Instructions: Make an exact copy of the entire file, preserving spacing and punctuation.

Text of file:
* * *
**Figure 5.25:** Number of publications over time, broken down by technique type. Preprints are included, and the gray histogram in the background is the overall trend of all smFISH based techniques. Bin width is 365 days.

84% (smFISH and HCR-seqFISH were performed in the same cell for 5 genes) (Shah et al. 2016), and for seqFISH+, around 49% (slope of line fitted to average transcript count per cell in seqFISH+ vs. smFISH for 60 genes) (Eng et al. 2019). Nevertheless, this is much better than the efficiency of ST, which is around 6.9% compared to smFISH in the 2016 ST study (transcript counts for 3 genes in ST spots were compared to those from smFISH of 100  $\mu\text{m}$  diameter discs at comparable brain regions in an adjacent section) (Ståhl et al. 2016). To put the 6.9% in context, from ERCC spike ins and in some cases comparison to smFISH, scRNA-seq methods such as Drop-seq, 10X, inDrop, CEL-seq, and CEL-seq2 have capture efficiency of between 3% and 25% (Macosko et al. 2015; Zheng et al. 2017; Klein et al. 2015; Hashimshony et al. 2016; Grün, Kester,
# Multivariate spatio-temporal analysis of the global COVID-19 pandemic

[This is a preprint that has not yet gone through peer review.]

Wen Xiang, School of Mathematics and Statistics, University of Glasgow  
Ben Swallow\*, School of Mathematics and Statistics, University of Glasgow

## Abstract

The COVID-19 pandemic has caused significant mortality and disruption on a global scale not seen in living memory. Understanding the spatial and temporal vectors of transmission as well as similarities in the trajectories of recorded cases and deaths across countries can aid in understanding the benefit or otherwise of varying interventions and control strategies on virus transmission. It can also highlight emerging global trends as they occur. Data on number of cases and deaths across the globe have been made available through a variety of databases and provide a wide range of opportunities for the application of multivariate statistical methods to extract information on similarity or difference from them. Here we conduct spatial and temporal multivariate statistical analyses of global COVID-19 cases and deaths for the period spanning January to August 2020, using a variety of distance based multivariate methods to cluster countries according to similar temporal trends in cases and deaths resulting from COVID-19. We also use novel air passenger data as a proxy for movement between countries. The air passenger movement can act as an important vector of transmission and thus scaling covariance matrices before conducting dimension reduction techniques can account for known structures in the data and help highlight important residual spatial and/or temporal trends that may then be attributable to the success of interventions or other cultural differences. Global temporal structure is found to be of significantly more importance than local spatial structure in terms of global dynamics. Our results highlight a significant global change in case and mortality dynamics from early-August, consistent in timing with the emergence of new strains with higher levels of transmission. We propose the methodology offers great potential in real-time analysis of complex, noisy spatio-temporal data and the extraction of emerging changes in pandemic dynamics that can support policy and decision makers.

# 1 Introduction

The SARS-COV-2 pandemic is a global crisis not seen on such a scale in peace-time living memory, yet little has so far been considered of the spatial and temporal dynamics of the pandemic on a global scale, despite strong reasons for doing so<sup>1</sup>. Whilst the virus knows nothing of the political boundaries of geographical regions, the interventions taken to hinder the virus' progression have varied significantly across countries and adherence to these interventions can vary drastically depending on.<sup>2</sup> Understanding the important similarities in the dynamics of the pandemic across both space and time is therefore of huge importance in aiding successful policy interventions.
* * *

**Figure 5.25:** Number of publications over time, broken down by technique type. Preprints are included, and the gray histogram in the background is the overall trend of all smFISH based techniques. Bin width is 365 days.

84% (smFISH and HCR-seqFISH were performed in the same cell for 5 genes) (Shah et al. 2016), and for seqFISH+, around 49% (slope of line fitted to average transcript count per cell in seqFISH+ vs. smFISH for 60 genes) (Eng et al. 2019). Nevertheless, this is much better than the efficiency of ST, which is around 6.9% compared to smFISH in the 2016 ST study (transcript counts for 3 genes in ST spots were compared to those from smFISH of 100  $\mu\text{m}$  diameter discs at comparable brain regions in an adjacent section) (Ståhl et al. 2016). To put the 6.9% in context, from ERCC spike ins and in some cases comparison to smFISH, scRNA-seq methods such as Drop-seq, 10X, inDrop, CEL-seq, and CEL-seq2 have capture efficiency of between 3% and 25% (Macosko et al. 2015; Zheng et al. 2017; Klein et al. 2015; Hashimshony et al. 2016; Grün, Kester,
# Multivariate spatio-temporal analysis of the global COVID-19 pandemic

[This is a preprint that has not yet gone through peer review.]

Wen Xiang, School of Mathematics and Statistics, University of Glasgow  
Ben Swallow\*, School of Mathematics and Statistics, University of Glasgow

## Abstract

The COVID-19 pandemic has caused significant mortality and disruption on a global scale not seen in living memory. Understanding the spatial and temporal vectors of transmission as well as similarities in the trajectories of recorded cases and deaths across countries can aid in understanding the benefit or otherwise of varying interventions and control strategies on virus transmission. It can also highlight emerging global trends as they occur. Data on number of cases and deaths across the globe have been made available through a variety of databases and provide a wide range of opportunities for the application of multivariate statistical methods to extract information on similarity or difference from them. Here we conduct spatial and temporal multivariate statistical analyses of global COVID-19 cases and deaths for the period spanning January to August 2020, using a variety of distance based multivariate methods to cluster countries according to similar temporal trends in cases and deaths resulting from COVID-19. We also use novel air passenger data as a proxy for movement between countries. The air passenger movement can act as an important vector of transmission and thus scaling covariance matrices before conducting dimension reduction techniques can account for known structures in the data and help highlight important residual spatial and/or temporal trends that may then be attributable to the success of interventions or other cultural differences. Global temporal structure is found to be of significantly more importance than local spatial structure in terms of global dynamics. Our results highlight a significant global change in case and mortality dynamics from early-August, consistent in timing with the emergence of new strains with higher levels of transmission. We propose the methodology offers great potential in real-time analysis of complex, noisy spatio-temporal data and the extraction of emerging changes in pandemic dynamics that can support policy and decision makers.

# 1 Introduction

The SARS-COV-2 pandemic is a global crisis not seen on such a scale in peace-time living memory, yet little has so far been considered of the spatial and temporal dynamics of the pandemic on a global scale, despite strong reasons for doing so<sup>1</sup>. Whilst the virus knows nothing of the political boundaries of geographical regions, the interventions taken to hinder the virus' progression have varied significantly across countries and adherence to these interventions can vary drastically depending on.<sup>2</sup> Understanding the important similarities in the dynamics of the pandemic across both space and time is therefore of huge importance in aiding successful policy interventions.